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The Federalist Papers: No. 30

On this day in 1787, Federalist Paper No. 30 is published. The Federalist Papers are a collection of essays that were published in New York newspapers in late 1787 and early 1788. They argued FOR the new Constitution, then being considered for ratification by the states.


Yes, I did skip paper no. 29! (Bonus points if you noticed?! Ha.) That essay is out of order in the collection. A summary of paper no. 29 is coming, but not until its original January (newspaper) publication date.

Many of you will find this particular essay frustrating, because Alexander Hamilton (a.k.a. “Publius”) is defending the proposition that the national government needs a better system of collecting taxes. Please remember that he lived in a time when the national government had great difficulty in collecting taxes – any at all – from the states. The inability to raise funds complicated the war effort because Congress had difficulty financing the needs of George Washington’s army. By contrast, we live in a time when it is apparently a little TOO easy for Congress to tax us. We even get taxed for failing to purchase an item like health care.


We need to regain the happy middle ground.


Publius begins by noting that the government legitimately needs to finance such items as defense and the national debt. The government, he says, needs “a general power of taxation, in one shape or another.” Without it, “the people must be subjected to continual plunder, as a substitute for a more eligible mode of supplying the public wants, or the government must sink into a fatal atrophy, and, in a short course of time, perish.”


The Articles of Confederation were not serving the country adequately in this regard. Although Congress could raise money, it did so by calling upon the states. As all Americans then would have known, that system was not working because the states did not always comply. Publius argues that a new Congress needs the power to “raise its own revenues by the ordinary methods of taxation authorized in every well-ordered constitution of civil government.”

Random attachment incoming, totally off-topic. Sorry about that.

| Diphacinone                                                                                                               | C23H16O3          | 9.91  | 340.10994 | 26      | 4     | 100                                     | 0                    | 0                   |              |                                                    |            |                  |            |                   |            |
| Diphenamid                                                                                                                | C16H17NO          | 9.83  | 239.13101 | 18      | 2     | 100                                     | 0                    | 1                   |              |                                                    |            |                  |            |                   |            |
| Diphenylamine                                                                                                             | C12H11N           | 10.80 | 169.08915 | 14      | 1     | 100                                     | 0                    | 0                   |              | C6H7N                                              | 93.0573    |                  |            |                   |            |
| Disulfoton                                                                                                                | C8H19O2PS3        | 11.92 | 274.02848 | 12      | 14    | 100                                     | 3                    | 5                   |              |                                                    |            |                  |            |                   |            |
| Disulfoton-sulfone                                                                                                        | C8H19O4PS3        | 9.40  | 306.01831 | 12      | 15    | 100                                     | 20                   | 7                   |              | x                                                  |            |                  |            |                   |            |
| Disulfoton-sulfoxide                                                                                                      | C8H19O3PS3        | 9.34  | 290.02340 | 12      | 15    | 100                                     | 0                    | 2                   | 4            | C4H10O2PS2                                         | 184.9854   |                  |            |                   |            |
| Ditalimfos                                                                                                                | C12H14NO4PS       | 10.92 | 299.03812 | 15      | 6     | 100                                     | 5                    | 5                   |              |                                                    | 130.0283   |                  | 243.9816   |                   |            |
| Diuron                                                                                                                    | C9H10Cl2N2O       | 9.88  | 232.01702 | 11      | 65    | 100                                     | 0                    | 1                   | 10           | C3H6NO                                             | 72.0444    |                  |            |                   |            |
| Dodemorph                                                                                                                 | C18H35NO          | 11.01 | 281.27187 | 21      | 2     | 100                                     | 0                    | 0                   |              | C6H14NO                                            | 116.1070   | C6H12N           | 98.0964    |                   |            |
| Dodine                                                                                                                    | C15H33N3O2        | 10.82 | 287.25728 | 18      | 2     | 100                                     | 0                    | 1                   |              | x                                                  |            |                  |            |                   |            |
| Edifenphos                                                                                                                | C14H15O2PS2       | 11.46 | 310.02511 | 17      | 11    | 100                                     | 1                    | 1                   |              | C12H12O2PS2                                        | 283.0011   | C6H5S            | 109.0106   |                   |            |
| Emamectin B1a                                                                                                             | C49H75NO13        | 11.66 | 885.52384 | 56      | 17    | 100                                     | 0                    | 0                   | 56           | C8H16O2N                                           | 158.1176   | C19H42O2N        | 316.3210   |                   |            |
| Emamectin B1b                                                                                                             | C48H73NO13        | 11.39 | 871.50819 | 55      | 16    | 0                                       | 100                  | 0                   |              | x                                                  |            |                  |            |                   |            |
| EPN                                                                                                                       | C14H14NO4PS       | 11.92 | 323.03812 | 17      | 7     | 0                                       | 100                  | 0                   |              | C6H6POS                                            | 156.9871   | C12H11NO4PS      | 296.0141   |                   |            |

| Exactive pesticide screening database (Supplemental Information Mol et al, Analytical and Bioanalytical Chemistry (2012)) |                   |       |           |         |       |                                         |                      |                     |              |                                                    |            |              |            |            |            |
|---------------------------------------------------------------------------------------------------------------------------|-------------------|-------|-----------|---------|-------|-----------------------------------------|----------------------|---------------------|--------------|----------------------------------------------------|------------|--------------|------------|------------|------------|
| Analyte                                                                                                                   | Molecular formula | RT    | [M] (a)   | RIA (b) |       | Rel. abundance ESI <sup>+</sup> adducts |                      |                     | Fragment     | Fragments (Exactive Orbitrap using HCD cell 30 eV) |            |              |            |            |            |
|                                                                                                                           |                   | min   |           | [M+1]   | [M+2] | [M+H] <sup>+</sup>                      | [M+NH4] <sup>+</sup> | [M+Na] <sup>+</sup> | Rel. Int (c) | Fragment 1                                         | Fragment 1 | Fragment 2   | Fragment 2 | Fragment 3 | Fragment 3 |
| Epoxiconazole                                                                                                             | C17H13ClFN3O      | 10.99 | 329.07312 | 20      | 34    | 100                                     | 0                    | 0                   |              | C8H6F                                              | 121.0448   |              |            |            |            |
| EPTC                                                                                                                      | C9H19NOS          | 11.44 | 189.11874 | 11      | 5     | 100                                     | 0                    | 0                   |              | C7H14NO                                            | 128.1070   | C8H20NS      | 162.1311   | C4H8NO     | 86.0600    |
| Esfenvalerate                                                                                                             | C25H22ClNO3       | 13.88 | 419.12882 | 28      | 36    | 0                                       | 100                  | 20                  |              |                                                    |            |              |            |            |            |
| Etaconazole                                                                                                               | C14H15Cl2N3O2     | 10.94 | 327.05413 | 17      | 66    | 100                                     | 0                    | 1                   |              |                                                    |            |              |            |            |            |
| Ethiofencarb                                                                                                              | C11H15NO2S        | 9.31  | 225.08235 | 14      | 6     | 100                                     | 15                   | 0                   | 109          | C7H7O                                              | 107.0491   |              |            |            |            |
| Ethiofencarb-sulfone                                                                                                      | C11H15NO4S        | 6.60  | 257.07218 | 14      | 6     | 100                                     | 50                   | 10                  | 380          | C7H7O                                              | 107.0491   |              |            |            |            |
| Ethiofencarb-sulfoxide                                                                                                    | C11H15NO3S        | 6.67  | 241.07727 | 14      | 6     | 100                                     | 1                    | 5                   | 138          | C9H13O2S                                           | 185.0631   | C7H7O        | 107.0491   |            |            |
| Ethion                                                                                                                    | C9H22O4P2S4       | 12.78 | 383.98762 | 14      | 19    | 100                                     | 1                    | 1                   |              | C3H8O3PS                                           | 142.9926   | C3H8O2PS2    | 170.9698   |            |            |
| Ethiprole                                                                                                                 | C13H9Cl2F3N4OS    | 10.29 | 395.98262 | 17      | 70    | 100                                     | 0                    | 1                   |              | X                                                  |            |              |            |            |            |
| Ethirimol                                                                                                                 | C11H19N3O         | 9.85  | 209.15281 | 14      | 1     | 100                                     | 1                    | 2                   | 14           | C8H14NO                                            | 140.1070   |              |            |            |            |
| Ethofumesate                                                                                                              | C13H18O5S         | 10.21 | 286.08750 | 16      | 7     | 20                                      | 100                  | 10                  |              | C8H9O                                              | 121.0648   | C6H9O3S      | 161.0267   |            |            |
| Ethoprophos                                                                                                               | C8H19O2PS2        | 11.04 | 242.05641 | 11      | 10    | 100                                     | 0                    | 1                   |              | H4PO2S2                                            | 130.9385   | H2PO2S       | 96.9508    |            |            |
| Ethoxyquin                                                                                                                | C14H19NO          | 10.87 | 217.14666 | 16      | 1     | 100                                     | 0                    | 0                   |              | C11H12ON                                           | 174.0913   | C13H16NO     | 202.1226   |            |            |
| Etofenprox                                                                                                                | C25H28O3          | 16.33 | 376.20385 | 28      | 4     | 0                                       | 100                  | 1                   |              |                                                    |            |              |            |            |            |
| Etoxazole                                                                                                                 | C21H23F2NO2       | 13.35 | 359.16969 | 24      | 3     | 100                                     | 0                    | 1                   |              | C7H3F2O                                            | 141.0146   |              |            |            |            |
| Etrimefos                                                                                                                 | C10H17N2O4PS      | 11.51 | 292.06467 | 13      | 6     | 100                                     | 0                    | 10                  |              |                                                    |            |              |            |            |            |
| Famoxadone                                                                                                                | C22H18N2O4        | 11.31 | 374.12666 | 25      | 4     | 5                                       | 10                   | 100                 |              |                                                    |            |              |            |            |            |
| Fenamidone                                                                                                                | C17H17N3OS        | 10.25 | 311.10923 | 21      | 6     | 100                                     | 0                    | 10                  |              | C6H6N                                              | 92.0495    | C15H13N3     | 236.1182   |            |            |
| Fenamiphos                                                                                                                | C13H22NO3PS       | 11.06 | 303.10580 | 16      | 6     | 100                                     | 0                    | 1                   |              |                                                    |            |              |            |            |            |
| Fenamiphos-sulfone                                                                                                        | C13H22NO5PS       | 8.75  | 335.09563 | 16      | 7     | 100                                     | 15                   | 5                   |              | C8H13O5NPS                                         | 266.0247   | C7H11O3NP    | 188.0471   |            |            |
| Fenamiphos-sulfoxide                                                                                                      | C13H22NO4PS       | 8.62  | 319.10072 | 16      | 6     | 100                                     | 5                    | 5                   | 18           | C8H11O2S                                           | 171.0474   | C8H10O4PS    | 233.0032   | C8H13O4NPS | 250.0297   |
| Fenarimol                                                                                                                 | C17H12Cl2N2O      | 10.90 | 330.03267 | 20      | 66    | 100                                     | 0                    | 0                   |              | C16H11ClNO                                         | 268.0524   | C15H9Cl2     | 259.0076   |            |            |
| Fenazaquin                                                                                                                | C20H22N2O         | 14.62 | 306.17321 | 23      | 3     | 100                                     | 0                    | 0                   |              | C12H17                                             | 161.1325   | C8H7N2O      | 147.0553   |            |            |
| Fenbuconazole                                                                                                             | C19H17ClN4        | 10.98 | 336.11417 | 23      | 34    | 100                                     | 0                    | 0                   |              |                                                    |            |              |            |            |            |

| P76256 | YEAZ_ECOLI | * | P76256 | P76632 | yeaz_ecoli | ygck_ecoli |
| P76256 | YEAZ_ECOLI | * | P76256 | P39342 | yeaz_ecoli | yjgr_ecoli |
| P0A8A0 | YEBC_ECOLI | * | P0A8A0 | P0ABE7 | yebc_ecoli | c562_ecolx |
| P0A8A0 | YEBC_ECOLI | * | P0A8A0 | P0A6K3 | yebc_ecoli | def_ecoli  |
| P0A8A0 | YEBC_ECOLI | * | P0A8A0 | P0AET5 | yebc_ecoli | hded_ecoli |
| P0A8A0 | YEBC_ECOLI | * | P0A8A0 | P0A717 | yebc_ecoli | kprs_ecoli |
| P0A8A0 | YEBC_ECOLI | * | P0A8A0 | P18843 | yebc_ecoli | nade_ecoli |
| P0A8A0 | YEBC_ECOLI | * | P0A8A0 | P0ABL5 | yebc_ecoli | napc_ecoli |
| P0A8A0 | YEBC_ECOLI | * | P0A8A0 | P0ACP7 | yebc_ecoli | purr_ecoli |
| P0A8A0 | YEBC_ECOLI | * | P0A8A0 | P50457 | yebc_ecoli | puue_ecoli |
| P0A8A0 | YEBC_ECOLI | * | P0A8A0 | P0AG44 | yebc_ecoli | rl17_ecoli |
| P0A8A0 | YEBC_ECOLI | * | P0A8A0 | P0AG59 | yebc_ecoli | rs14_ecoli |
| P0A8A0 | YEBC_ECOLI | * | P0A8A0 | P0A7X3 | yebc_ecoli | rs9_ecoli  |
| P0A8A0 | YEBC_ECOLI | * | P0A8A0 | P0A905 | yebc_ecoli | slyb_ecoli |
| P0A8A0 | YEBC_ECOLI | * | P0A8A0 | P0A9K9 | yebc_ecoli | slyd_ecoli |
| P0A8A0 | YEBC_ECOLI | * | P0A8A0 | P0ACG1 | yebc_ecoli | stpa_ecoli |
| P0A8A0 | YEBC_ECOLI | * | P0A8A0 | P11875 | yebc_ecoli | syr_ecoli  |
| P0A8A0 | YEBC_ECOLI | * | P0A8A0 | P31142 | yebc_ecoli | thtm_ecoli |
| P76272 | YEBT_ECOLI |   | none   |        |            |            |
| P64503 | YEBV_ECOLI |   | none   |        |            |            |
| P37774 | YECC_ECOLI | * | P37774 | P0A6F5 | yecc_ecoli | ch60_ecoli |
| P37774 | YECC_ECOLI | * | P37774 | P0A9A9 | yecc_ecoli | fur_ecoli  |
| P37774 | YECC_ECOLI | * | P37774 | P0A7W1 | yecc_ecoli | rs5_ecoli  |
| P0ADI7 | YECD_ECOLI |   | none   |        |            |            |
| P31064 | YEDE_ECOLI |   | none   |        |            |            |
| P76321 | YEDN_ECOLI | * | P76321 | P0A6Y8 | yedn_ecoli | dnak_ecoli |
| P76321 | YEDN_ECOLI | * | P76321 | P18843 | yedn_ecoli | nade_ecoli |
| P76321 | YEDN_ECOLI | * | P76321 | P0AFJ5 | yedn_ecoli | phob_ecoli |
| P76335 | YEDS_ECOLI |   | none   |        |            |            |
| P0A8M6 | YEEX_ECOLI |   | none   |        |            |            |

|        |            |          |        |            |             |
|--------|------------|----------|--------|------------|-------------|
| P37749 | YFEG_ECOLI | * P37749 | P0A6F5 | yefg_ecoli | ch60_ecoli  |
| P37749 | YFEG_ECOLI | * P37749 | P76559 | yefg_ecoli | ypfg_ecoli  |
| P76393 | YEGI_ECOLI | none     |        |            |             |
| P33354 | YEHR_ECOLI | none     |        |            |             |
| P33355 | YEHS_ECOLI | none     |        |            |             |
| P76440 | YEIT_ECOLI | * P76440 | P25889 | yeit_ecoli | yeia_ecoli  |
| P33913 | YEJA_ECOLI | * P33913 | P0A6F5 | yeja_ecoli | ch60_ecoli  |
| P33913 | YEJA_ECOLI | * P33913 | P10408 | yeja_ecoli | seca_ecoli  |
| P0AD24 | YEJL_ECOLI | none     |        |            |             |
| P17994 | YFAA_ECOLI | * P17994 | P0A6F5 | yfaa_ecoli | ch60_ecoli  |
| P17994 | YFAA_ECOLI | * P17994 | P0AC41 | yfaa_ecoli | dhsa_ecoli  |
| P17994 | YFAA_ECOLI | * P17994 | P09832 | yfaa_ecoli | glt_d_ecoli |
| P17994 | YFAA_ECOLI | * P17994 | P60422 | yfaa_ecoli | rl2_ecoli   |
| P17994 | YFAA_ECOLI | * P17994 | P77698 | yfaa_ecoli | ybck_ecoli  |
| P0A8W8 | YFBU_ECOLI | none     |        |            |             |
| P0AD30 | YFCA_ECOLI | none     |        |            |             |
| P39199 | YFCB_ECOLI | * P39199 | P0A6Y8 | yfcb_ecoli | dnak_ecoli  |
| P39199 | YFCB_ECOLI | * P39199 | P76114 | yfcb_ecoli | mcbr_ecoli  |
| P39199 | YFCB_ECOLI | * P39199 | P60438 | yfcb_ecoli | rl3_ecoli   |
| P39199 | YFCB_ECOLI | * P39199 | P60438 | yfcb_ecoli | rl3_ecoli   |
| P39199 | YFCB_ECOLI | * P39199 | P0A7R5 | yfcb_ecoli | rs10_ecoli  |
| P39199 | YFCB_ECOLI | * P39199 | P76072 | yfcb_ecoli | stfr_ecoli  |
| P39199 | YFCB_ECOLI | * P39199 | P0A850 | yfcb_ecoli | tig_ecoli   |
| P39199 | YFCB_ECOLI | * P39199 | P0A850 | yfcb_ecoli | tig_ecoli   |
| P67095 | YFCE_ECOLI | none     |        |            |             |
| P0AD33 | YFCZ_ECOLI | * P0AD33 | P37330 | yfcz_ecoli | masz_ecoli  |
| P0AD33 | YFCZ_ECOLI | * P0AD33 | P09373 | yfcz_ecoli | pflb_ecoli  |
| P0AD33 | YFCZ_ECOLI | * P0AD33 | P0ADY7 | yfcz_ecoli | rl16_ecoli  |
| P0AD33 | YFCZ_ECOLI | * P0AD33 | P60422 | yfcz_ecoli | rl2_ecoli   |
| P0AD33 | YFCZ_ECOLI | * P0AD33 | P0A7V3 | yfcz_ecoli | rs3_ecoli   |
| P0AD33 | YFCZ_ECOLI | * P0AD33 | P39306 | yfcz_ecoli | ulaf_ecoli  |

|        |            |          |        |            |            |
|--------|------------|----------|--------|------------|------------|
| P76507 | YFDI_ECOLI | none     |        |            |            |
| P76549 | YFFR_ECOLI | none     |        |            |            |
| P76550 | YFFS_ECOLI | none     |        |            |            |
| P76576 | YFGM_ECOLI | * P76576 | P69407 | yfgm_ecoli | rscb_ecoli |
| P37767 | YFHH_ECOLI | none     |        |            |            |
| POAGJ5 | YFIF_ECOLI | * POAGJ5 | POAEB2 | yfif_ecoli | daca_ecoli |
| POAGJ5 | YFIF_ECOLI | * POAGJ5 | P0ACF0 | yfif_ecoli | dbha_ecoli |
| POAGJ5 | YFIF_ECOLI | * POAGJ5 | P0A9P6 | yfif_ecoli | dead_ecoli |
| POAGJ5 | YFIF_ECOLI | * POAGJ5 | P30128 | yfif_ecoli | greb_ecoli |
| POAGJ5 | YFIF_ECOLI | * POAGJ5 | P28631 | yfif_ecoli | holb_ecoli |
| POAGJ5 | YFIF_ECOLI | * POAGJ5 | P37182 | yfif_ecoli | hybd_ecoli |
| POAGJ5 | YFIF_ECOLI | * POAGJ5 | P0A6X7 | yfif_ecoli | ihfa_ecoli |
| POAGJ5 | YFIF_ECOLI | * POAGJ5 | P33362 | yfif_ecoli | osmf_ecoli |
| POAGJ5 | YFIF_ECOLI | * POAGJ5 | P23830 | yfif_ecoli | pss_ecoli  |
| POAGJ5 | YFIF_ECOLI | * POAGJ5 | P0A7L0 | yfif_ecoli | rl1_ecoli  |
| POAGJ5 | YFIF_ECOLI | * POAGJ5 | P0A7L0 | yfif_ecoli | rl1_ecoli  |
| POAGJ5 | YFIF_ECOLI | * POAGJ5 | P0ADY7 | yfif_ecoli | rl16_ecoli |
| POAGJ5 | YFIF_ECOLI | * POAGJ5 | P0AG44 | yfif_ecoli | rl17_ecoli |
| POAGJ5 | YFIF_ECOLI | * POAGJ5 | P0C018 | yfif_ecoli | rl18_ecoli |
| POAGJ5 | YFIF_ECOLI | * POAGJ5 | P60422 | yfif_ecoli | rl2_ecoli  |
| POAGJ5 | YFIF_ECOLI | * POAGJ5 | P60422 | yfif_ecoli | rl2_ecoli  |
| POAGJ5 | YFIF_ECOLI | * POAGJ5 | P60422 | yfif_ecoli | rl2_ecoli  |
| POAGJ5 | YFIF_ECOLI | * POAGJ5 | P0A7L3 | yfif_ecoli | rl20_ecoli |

Some “adversaries of the new Constitution” were trying to limit the power of taxation by distinguishing between internal and external taxation. (The former would be left to the states, while the latter would be given to the national government.) Publius rejects this solution as it “would still leave the general government in a kind of tutelage to the State governments,” potentially only partially funded and still dependent upon the states for any remaining funds. (i.e. The very method that had already failed under the Articles of Confederation.)


Publius concludes: “How is it possible that a government half supplied and always necessitous, can fulfill the purposes of its institution, can provide for the security, advance the prosperity, or support the reputation of the commonwealth? How can it ever possess either energy or stability, dignity or credit, confidence at home or respectability abroad?”


My post with more background on the Federalist Papers and their authorship can be found in the Federalist Paper No. 1 summary (see October 27 history post, here).

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